International human rights law and international humanitarian law recognize the special importance of journalists and confer special rights and protections to them. In times of armed conflict, journalists are provided the same protection as civilians and they have additional rights to the film, take interviews of civilians and combatants, and take pictures or make recordings of any sort. Despite these protections, journalists have to bear a brunt of violence, oppression, and torture worldwide. According to Reporters Without Borders (RSF), 50 journalists were killed in 2020. 387 are currently in prison for doing their work. India is among the top 5 nations in cases of deaths of journalists. In fact, India’s actions in the field of press freedom have attracted a large amount of criticism from international bodies, especially in Kashmir.
Freedom of Press in India
Press freedom in Jammu and Kashmir has been severely affected. On the 5th of August, 2019, the government imposed a blanket communications blackout. With the internet not available, this soon became the longest internet shutdown in history. Further, India also has the largest number of internet shutdowns in the world. Internet is only available at government facilities, and asking journalists to go to government centers during a pandemic is cruel. The broad restrictions that have been placed by the new government policy are also a step towards an authoritarian, all-controlling government.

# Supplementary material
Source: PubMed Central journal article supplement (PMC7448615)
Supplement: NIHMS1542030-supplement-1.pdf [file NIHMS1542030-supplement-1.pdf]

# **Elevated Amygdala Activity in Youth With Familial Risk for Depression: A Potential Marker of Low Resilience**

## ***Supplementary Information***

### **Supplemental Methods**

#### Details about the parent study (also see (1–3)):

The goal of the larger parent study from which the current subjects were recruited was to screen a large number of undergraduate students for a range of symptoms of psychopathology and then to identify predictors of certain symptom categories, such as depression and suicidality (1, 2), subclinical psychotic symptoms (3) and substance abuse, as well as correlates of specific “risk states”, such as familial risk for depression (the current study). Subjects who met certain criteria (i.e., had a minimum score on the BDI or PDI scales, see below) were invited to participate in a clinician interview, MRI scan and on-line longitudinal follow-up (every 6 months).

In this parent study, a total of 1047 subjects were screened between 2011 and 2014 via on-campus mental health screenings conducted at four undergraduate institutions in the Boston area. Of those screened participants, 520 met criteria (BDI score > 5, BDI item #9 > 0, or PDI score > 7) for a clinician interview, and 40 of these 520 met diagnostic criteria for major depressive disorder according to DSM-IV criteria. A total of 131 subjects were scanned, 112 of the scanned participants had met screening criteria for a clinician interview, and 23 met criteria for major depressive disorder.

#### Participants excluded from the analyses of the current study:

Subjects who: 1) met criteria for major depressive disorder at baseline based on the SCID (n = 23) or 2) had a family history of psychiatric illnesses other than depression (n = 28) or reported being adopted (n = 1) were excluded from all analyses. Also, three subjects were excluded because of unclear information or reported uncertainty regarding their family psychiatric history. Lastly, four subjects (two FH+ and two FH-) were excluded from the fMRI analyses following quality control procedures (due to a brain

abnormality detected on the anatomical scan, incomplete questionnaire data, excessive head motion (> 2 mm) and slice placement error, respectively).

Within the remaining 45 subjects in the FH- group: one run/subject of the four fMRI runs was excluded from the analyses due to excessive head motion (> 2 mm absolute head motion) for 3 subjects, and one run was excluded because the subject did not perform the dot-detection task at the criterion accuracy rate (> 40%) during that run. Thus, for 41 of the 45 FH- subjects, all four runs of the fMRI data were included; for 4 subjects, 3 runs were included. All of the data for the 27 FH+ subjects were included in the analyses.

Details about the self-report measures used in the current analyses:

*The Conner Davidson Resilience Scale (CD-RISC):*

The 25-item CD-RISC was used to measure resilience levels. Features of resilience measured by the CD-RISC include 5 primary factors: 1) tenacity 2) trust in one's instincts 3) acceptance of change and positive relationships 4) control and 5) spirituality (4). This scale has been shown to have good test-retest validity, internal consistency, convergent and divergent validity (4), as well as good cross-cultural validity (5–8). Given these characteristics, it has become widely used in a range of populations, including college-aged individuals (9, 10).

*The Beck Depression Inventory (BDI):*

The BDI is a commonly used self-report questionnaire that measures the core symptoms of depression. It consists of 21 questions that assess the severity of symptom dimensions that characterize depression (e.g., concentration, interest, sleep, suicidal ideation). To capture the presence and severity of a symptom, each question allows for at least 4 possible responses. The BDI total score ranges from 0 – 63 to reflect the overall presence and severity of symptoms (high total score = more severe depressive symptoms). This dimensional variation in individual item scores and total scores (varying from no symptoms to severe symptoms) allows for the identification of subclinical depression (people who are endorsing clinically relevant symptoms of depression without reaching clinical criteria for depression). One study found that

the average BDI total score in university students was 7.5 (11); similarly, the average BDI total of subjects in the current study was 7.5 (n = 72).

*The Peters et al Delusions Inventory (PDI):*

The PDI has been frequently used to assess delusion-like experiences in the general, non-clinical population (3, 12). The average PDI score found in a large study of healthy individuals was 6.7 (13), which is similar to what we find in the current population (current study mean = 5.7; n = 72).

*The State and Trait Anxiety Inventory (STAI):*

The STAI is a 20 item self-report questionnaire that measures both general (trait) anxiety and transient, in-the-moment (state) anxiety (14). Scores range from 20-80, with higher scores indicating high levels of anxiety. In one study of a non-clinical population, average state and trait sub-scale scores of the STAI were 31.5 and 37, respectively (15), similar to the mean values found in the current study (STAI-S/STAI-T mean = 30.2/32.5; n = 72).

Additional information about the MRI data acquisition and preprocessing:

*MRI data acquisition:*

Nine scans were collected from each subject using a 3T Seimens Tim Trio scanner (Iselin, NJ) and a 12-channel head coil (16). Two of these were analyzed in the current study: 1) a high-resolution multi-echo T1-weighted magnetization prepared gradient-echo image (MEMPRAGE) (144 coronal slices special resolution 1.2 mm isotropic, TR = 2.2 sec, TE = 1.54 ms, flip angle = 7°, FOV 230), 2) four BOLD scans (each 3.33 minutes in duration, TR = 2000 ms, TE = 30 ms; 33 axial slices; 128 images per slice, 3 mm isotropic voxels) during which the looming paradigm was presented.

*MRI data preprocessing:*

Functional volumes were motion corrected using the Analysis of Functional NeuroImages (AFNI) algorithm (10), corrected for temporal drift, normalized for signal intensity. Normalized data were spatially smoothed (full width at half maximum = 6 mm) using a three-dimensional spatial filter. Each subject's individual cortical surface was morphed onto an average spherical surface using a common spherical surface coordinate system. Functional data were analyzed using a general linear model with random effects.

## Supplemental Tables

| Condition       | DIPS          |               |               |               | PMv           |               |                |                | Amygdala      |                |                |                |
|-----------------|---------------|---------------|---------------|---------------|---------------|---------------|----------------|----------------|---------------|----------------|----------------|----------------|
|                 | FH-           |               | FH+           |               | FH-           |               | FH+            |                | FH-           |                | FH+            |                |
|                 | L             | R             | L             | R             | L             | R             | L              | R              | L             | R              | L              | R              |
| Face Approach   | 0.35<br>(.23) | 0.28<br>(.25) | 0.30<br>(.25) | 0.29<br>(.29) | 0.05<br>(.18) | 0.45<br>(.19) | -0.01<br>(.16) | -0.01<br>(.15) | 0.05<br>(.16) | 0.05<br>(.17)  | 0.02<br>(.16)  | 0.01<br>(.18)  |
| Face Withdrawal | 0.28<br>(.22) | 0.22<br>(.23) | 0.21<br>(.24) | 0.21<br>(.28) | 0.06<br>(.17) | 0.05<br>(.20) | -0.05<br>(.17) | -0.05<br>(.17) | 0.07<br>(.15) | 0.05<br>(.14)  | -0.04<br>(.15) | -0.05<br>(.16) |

Further, there has also been a practice of arresting journalists without an order and without providing information about their whereabouts. Some journalists are also arrested on spurious charges that are simply to intimidate the entire community. The Office of the Human Rights Commissioner has also criticized India, among other Asia-Pacific nations, for censoring news and imposing restrictions that went beyond the stated purpose of suppressing fake news and led to the suppression of press freedom in general.
The Press is usually supposed to voice its opinions freely and without fear, but the situation in India has been rapidly deteriorating. Journalists have been beaten up by mobs, often as the police are watching. News agencies critical of the government face multiple lawsuits and a hostile press atmosphere. Further, the State exercises its regulatory function to essentially censor views it does not agree with. For example, the Government recently put out a circular that stated that all webinars that were being held would need to have the content and background speakers scrutinized by the government, and the webinars could not be held before this go-ahead is given.